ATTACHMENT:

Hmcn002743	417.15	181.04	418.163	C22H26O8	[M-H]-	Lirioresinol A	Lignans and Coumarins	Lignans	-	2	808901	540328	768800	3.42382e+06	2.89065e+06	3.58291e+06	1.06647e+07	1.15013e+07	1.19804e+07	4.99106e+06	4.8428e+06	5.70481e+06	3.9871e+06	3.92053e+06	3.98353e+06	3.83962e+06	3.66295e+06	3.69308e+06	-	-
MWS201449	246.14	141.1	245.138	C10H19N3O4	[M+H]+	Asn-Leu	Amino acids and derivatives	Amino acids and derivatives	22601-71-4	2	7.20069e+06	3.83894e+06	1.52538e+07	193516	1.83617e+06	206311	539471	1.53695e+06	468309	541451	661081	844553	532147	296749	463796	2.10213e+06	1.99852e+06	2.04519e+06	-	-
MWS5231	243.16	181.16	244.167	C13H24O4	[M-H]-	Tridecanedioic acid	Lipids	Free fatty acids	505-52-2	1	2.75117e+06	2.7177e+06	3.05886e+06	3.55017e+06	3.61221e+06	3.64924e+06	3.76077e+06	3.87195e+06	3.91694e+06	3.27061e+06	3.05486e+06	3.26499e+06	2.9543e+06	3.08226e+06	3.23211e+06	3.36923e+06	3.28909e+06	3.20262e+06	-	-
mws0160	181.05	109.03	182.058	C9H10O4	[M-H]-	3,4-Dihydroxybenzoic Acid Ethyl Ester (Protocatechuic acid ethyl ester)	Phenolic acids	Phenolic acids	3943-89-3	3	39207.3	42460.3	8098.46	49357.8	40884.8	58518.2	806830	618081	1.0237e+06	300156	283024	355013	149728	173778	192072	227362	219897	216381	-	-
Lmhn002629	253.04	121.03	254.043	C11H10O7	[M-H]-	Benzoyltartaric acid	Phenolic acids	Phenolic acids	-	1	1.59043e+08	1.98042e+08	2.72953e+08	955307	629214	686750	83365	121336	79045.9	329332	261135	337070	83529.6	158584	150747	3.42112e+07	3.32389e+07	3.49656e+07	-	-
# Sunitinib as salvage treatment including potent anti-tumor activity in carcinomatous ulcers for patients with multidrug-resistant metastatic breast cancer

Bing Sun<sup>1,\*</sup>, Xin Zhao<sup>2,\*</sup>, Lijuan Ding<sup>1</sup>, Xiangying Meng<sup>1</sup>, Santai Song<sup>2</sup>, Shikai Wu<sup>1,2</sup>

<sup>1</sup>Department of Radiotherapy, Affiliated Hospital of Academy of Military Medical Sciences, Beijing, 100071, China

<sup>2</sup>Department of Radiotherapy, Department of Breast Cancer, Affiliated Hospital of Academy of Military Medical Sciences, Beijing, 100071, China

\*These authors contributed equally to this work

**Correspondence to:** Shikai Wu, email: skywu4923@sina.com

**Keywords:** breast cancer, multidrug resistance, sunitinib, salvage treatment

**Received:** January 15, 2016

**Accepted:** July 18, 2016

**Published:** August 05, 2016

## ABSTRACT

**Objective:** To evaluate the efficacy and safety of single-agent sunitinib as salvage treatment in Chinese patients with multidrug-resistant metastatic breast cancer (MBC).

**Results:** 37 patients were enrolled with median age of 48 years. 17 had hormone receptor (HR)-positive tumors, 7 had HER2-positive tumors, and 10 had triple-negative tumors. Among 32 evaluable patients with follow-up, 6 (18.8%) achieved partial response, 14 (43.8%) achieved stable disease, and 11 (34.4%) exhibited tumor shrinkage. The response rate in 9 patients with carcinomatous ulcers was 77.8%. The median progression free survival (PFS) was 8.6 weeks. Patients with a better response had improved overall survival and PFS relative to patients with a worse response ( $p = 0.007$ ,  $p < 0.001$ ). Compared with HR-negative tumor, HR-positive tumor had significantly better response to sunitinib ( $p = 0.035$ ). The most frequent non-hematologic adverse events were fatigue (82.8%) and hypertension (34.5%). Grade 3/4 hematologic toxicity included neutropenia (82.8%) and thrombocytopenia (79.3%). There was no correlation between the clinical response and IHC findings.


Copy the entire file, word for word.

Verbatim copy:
Hmcn002743	417.15	181.04	418.163	C22H26O8	[M-H]-	Lirioresinol A	Lignans and Coumarins	Lignans	-	2	808901	540328	768800	3.42382e+06	2.89065e+06	3.58291e+06	1.06647e+07	1.15013e+07	1.19804e+07	4.99106e+06	4.8428e+06	5.70481e+06	3.9871e+06	3.92053e+06	3.98353e+06	3.83962e+06	3.66295e+06	3.69308e+06	-	-
MWS201449	246.14	141.1	245.138	C10H19N3O4	[M+H]+	Asn-Leu	Amino acids and derivatives	Amino acids and derivatives	22601-71-4	2	7.20069e+06	3.83894e+06	1.52538e+07	193516	1.83617e+06	206311	539471	1.53695e+06	468309	541451	661081	844553	532147	296749	463796	2.10213e+06	1.99852e+06	2.04519e+06	-	-
MWS5231	243.16	181.16	244.167	C13H24O4	[M-H]-	Tridecanedioic acid	Lipids	Free fatty acids	505-52-2	1	2.75117e+06	2.7177e+06	3.05886e+06	3.55017e+06	3.61221e+06	3.64924e+06	3.76077e+06	3.87195e+06	3.91694e+06	3.27061e+06	3.05486e+06	3.26499e+06	2.9543e+06	3.08226e+06	3.23211e+06	3.36923e+06	3.28909e+06	3.20262e+06	-	-
mws0160	181.05	109.03	182.058	C9H10O4	[M-H]-	3,4-Dihydroxybenzoic Acid Ethyl Ester (Protocatechuic acid ethyl ester)	Phenolic acids	Phenolic acids	3943-89-3	3	39207.3	42460.3	8098.46	49357.8	40884.8	58518.2	806830	618081	1.0237e+06	300156	283024	355013	149728	173778	192072	227362	219897	216381	-	-
Lmhn002629	253.04	121.03	254.043	C11H10O7	[M-H]-	Benzoyltartaric acid	Phenolic acids	Phenolic acids	-	1	1.59043e+08	1.98042e+08	2.72953e+08	955307	629214	686750	83365	121336	79045.9	329332	261135	337070	83529.6	158584	150747	3.42112e+07	3.32389e+07	3.49656e+07	-	-
# Sunitinib as salvage treatment including potent anti-tumor activity in carcinomatous ulcers for patients with multidrug-resistant metastatic breast cancer

Bing Sun<sup>1,\*</sup>, Xin Zhao<sup>2,\*</sup>, Lijuan Ding<sup>1</sup>, Xiangying Meng<sup>1</sup>, Santai Song<sup>2</sup>, Shikai Wu<sup>1,2</sup>

<sup>1</sup>Department of Radiotherapy, Affiliated Hospital of Academy of Military Medical Sciences, Beijing, 100071, China

<sup>2</sup>Department of Radiotherapy, Department of Breast Cancer, Affiliated Hospital of Academy of Military Medical Sciences, Beijing, 100071, China

\*These authors contributed equally to this work

**Correspondence to:** Shikai Wu, email: skywu4923@sina.com

**Keywords:** breast cancer, multidrug resistance, sunitinib, salvage treatment

**Received:** January 15, 2016

**Accepted:** July 18, 2016

**Published:** August 05, 2016

## ABSTRACT

**Objective:** To evaluate the efficacy and safety of single-agent sunitinib as salvage treatment in Chinese patients with multidrug-resistant metastatic breast cancer (MBC).

**Results:** 37 patients were enrolled with median age of 48 years. 17 had hormone receptor (HR)-positive tumors, 7 had HER2-positive tumors, and 10 had triple-negative tumors. Among 32 evaluable patients with follow-up, 6 (18.8%) achieved partial response, 14 (43.8%) achieved stable disease, and 11 (34.4%) exhibited tumor shrinkage. The response rate in 9 patients with carcinomatous ulcers was 77.8%. The median progression free survival (PFS) was 8.6 weeks. Patients with a better response had improved overall survival and PFS relative to patients with a worse response ( $p = 0.007$ ,  $p < 0.001$ ). Compared with HR-negative tumor, HR-positive tumor had significantly better response to sunitinib ( $p = 0.035$ ). The most frequent non-hematologic adverse events were fatigue (82.8%) and hypertension (34.5%). Grade 3/4 hematologic toxicity included neutropenia (82.8%) and thrombocytopenia (79.3%). There was no correlation between the clinical response and IHC findings.